“Undekhi” has some wonderful storytelling. Deceptively, the base seems to be a cop’s murder in the Sunderbans, and for intrepid Hindi film-loving DSP Ghosh (Dibyendu Bhattacharya), the trail leads all the way to Manali, where a high-end wedding is taking place between NRI Daman Atwal (Ankur Rathee) and a politician’s idealistic daughter Teji (Aanchal Singh).
The pre-wedding festivities are on, and two dancers and a manager of sorts have been invited. The local cops are shown as a combination of incompetent and lazy, and what’s more, are mostly corrupt and under the thumb of Papaji (Harsh Chhaya), the head of the Atwal family, business tycoons who twist everyone from politicians to cops.
Papaji, almost always inebriated, and his darling nephew Rinku (Surya Sharma) have their own extra-legal way of settling scores and taking the law into their own hands, and when a drunk Papaji shoots one of the two dancers Kanak (Apurva Soni) dead as she refuses his advances during the dance, Rinku forces everyone to keep mum and subvert both the truth and the law.
From the video filming team, eyewitness Rishi (Abhishek Chauhan), whose camera has recorded the murder, revolts, and he is threatened and tries to escape—unsuccessfully. Kanak’s associates Koyal (Apeksha Porwal) and Timma (Diwakar Kumar Jha) are captured by Rinku with the idea of them being permanently disposed of, and Rishi is soon incarcerated with them.
Fighting against all those odds, some known, some suspected and some unknown in the beginning, is the doughty DSP, who, as we soon come to know the obvious, has actually come on the dancers’ trail as he suspects their direct involvement in the Sunderbans murder.
The complicated series of events culminate, unfortunately, in an unsatisfactory (for the audience) cliffhanger, where a couple of good men are killed but the evil ones go unpunished. Twists and turns, minor betrayals, ego issues, media corruption, vendetta, blackmail—the usual tropes are there, so we would have loved a gratifying climax.
Sure, this is an easy way forward for Season 2, but as renowned filmmaker Neeraj Pandey said about “Special Ops,” his masterpiece web series streamed on another platform, the audience must be given a finite end. If there is a season to follow, that too must be a complete tale by itself while continuity can be maintained.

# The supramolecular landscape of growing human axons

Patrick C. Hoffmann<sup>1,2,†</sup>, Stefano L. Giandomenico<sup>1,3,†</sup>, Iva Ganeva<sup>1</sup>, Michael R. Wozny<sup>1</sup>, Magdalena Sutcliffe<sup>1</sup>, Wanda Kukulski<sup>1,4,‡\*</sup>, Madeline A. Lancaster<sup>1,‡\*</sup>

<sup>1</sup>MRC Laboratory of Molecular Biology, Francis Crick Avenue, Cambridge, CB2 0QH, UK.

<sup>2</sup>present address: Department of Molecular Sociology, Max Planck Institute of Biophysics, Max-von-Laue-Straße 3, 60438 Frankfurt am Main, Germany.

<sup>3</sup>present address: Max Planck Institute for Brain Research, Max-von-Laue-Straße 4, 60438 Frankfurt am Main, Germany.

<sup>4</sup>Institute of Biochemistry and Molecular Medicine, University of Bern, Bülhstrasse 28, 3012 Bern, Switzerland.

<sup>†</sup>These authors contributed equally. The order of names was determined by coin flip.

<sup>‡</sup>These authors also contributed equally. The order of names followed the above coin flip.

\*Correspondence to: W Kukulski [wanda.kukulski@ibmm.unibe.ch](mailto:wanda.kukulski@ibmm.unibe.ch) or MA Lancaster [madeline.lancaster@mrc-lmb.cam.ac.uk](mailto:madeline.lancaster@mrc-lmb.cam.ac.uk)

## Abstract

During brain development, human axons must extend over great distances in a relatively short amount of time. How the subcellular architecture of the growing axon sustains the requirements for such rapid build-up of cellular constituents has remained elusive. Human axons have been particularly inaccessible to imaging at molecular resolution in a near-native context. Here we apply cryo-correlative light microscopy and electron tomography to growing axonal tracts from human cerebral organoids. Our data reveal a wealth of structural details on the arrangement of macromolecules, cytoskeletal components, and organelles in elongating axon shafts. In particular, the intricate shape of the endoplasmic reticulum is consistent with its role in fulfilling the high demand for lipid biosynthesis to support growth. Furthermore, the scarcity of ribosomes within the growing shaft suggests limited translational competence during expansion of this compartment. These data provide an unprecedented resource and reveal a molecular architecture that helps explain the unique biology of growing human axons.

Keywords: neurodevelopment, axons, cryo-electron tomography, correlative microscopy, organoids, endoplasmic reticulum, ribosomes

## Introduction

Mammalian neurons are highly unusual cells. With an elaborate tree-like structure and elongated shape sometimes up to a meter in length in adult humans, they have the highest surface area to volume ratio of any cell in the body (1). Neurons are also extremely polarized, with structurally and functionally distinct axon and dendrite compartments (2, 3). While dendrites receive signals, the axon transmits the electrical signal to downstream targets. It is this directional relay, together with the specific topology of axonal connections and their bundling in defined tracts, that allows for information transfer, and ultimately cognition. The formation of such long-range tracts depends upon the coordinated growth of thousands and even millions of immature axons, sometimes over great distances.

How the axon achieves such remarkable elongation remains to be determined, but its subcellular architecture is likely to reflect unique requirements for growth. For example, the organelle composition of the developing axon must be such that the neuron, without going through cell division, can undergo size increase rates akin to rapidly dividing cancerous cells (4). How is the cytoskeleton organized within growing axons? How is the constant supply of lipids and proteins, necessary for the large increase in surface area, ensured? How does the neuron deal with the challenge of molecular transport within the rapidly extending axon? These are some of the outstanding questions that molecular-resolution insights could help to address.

Technically good and skillfully directed with most episodes immensely gripping, “Undekhi” is wonderfully enacted, especially by the main players: strictly in order, the roly-poly DSP Ghosh (Dibyendu Bhattacharya is superb beyond words), Papaji (this must be Harsh Chhaya’s most accomplished— and an incredible—performance), Apeksha Porwal as the fiery Koyal, Surya Sharma as the ruthless devil Rinku (a set-piece villain who still impresses with his nuances) and Ayn Zoya as the bitchy Saloni.
Varun Badola, who had penned the dialogues for “Apharan,” is in form again as a dialogues writer and does a fantastic job. But there is a Conditions Apply here: Even more than in that series, there is an excess of expletives (as seen in the recent SonyLIV series “Your Honor” wherein he was only an actor)! This was totally avoidable, though we know that for censor-free web shows, this is ultra-trendy!
Ashish R. Shukla’s direction is assured throughout, even in some rather repetitious sequences that prolong the series (with the end it has, “Undekhi” could have easily been three episodes short), and a special word for Murzy Pagdiwala’s camerawork, especially in the night shots in the forests.
Go watch this one, if only to realize that this is not the way to set the stage for another season. The series loses a star for this.
Created by: Siddharth Sengupta
Produced by: Sameer Nair, Siddharth Sengupta & Jyoti Sagar
Directed by: Ashish R. Shukla
Written by: Umesh Padalkar, Siddharth Sengupta, Mohinder Pratap Singh & Varun Badola
Music: Anuj Danait & Shivam Sengupta
Starring: Dibyendu Bhattacharya, Ayn Zoya, Surya Sharma, Aanchal Singh, Abhishek Chauhan, Apeksha Porwal, Harsh Chhaya, Ankur Rathee, Shivam Sengupta, Vaarun Bhagat, Raynu Verma, Meenakshi Soni, Diwakar Kumar Jha & others